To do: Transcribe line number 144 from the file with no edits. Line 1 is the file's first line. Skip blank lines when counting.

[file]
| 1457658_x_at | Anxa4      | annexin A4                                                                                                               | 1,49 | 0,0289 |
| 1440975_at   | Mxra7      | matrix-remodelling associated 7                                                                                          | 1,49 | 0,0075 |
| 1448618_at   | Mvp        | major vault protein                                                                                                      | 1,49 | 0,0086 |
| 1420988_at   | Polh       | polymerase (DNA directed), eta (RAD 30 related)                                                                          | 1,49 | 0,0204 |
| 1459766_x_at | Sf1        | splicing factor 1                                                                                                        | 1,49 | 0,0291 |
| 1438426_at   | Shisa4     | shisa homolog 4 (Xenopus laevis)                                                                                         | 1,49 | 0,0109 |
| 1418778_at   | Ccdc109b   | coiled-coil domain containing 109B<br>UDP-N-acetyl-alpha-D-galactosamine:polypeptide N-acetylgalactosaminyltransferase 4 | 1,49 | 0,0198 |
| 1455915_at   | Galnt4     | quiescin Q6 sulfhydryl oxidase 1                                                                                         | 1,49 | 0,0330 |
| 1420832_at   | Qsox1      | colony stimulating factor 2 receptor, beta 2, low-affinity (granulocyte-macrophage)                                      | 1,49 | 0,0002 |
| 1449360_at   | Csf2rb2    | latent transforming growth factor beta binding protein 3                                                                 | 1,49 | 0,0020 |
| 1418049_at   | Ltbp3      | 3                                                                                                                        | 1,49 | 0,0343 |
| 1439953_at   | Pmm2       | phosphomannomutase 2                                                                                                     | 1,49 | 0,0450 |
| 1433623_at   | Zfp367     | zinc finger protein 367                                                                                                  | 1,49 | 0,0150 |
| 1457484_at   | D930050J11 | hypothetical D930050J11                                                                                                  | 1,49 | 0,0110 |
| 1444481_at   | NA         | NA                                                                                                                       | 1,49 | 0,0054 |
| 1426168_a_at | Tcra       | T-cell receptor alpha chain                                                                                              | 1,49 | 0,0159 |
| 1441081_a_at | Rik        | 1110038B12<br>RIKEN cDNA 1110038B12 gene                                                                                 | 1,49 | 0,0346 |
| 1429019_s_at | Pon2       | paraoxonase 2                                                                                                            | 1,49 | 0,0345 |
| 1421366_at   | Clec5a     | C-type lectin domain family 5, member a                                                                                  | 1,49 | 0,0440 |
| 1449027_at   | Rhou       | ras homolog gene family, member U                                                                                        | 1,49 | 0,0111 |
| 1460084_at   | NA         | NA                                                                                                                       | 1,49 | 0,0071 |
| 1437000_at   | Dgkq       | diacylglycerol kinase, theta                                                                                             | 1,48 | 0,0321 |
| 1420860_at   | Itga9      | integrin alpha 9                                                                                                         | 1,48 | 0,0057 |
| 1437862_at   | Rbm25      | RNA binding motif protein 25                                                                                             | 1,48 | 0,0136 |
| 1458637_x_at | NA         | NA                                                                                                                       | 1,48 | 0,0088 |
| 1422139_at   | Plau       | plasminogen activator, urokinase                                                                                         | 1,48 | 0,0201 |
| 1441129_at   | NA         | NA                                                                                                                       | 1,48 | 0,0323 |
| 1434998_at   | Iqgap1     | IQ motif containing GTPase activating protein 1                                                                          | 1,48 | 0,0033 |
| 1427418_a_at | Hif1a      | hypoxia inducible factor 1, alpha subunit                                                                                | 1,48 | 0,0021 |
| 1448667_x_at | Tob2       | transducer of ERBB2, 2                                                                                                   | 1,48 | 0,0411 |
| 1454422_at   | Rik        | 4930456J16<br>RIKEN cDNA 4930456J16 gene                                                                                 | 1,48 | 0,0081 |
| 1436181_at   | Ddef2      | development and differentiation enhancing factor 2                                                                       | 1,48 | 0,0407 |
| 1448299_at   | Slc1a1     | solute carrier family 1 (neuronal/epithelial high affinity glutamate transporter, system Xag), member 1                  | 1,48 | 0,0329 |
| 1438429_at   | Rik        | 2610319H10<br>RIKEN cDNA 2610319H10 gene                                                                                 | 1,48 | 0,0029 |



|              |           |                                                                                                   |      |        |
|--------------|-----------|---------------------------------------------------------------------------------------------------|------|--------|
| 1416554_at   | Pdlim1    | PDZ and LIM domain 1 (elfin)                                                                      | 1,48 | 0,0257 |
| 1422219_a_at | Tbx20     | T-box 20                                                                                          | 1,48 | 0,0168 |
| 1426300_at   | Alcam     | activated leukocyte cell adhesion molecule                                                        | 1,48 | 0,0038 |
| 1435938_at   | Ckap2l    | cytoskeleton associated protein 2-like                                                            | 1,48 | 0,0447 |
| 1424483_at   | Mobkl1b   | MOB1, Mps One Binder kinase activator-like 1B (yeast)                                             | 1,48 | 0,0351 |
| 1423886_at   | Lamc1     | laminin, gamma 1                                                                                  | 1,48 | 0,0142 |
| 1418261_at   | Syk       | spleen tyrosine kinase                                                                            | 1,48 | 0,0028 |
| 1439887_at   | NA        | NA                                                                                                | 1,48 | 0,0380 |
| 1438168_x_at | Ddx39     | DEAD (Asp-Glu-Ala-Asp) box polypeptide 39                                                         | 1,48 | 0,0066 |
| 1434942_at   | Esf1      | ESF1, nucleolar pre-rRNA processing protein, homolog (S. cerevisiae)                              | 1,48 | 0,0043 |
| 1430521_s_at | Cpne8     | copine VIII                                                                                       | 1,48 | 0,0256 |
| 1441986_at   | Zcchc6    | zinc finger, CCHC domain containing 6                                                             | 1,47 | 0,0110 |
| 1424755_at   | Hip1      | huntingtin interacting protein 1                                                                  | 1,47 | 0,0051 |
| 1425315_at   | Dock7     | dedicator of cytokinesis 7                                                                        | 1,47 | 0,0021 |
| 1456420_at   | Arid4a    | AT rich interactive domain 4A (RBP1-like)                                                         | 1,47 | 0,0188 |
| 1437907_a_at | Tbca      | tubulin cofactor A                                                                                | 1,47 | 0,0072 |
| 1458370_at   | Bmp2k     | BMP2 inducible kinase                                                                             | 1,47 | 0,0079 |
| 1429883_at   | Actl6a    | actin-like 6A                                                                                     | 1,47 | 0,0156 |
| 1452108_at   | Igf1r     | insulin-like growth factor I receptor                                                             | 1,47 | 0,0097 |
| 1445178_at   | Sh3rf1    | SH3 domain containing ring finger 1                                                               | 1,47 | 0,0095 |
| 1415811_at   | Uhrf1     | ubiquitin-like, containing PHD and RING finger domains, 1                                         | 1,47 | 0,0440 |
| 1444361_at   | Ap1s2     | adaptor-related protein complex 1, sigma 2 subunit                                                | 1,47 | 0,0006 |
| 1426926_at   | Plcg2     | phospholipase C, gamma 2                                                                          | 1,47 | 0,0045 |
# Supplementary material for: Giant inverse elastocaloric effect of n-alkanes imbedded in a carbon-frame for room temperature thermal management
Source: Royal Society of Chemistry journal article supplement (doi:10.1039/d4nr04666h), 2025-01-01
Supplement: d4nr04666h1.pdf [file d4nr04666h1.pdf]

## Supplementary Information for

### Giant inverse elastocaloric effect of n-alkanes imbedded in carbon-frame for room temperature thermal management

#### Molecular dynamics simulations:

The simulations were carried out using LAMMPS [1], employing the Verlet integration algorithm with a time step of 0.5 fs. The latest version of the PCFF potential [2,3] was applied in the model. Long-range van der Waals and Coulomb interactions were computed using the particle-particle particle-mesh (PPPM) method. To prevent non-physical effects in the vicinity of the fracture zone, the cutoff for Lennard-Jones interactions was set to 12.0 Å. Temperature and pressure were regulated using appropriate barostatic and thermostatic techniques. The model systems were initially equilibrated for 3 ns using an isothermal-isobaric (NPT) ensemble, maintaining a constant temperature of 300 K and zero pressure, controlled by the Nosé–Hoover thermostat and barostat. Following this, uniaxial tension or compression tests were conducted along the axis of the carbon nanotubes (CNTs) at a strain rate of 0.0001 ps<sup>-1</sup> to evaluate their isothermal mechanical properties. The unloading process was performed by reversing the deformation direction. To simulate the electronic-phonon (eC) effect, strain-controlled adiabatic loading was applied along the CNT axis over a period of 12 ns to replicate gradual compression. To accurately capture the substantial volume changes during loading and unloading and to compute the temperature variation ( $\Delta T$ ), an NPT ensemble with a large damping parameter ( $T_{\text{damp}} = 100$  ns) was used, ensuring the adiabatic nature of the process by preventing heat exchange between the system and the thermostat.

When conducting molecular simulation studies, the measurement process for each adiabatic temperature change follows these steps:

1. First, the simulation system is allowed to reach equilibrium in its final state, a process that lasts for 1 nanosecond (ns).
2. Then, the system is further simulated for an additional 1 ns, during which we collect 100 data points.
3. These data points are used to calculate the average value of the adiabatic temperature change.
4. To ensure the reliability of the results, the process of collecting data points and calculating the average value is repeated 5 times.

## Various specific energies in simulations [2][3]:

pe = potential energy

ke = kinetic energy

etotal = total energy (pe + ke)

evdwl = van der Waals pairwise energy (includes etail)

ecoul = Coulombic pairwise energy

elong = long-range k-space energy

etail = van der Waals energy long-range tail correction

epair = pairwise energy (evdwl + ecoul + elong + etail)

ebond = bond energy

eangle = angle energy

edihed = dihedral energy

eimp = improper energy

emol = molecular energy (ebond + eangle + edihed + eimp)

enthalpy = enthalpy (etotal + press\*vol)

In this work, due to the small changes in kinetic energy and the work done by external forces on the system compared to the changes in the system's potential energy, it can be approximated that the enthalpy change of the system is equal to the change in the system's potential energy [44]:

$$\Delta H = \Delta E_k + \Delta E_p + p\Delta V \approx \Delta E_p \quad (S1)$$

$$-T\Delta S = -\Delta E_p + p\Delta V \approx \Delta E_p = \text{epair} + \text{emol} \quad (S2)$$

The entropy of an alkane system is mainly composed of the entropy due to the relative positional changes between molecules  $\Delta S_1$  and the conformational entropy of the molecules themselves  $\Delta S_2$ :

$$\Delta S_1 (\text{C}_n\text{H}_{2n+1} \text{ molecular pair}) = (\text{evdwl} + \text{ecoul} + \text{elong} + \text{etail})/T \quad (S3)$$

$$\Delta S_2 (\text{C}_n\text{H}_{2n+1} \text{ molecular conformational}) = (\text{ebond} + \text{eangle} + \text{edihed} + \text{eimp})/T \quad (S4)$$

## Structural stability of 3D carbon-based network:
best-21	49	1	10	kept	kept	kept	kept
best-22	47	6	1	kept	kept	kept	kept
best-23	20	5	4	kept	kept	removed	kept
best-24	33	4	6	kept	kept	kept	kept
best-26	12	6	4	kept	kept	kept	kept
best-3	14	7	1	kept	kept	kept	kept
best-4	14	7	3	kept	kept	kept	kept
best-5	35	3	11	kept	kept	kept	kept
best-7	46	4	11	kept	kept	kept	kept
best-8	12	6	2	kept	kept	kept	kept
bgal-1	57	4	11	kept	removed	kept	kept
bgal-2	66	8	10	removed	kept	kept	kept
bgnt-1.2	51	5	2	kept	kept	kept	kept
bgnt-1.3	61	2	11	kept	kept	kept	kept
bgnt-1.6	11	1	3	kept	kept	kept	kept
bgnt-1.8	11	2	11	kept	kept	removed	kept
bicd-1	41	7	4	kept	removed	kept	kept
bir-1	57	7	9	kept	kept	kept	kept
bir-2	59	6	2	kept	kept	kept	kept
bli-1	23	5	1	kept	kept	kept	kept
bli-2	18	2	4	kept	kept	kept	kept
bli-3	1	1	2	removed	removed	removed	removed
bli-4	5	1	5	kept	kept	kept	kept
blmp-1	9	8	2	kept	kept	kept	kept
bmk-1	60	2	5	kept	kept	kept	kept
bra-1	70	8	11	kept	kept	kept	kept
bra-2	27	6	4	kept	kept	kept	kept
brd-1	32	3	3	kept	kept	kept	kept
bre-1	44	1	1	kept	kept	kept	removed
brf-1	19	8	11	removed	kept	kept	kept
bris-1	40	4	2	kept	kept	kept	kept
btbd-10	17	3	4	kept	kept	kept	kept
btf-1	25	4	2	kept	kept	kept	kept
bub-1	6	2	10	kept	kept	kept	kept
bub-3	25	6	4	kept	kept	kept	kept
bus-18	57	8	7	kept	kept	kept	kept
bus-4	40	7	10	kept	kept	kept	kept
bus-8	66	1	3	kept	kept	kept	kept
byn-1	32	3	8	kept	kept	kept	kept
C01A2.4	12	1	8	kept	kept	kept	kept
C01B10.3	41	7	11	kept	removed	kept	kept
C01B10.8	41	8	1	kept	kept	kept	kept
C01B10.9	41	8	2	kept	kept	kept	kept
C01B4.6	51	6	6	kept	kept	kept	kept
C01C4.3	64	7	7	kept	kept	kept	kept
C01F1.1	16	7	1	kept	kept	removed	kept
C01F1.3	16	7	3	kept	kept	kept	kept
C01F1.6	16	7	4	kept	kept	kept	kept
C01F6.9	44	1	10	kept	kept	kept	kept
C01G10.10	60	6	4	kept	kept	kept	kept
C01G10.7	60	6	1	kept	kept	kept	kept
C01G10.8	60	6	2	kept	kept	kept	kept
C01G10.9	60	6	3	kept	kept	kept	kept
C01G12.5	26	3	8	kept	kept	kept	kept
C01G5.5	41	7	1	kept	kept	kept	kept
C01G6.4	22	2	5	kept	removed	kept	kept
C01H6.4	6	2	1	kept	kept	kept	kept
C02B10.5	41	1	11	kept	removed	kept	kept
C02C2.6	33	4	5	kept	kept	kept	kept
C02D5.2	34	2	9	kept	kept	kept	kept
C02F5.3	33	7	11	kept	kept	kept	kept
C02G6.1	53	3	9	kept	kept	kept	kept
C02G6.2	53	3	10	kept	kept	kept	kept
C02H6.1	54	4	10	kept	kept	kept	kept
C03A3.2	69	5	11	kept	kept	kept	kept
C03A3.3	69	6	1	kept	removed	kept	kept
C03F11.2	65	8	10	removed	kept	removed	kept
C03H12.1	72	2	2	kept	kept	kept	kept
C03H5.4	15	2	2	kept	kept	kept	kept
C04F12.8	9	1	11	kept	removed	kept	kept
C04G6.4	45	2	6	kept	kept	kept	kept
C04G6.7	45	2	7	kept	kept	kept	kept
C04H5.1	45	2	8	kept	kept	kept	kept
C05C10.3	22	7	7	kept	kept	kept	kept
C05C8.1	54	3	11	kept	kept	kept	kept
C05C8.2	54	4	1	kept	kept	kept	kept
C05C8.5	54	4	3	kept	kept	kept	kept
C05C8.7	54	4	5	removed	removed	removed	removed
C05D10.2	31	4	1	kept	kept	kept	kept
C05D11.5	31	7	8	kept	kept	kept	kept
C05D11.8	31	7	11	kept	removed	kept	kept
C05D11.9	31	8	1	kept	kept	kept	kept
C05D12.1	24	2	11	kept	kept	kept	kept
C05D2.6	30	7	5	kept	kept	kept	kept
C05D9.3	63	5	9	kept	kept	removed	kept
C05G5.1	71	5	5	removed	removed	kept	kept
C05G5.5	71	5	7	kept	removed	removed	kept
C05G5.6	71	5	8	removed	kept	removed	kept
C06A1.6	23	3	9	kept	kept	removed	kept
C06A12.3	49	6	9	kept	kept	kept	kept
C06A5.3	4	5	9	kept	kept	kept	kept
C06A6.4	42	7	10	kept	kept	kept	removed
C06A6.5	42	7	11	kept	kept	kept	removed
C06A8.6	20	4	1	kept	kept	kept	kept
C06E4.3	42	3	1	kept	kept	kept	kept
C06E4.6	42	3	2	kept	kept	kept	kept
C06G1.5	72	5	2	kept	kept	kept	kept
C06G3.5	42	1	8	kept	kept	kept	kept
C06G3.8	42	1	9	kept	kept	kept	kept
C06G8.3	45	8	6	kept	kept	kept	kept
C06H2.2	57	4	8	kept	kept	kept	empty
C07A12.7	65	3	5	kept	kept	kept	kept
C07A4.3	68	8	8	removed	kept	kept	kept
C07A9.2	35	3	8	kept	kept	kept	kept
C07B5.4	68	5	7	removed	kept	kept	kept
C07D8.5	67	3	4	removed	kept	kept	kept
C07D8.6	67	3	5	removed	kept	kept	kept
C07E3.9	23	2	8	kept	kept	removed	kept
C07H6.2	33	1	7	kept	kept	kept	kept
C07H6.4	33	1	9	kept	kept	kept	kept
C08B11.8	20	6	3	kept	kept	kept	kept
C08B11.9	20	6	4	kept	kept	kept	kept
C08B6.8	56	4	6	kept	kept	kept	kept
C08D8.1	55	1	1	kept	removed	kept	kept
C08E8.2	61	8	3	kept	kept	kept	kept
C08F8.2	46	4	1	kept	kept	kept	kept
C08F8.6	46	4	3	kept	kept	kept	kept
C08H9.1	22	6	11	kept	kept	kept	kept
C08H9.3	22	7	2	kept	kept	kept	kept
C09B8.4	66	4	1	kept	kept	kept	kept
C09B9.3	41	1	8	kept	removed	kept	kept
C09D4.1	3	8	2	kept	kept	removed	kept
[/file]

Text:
C01G10.7	60	6	1	kept	kept	kept	kept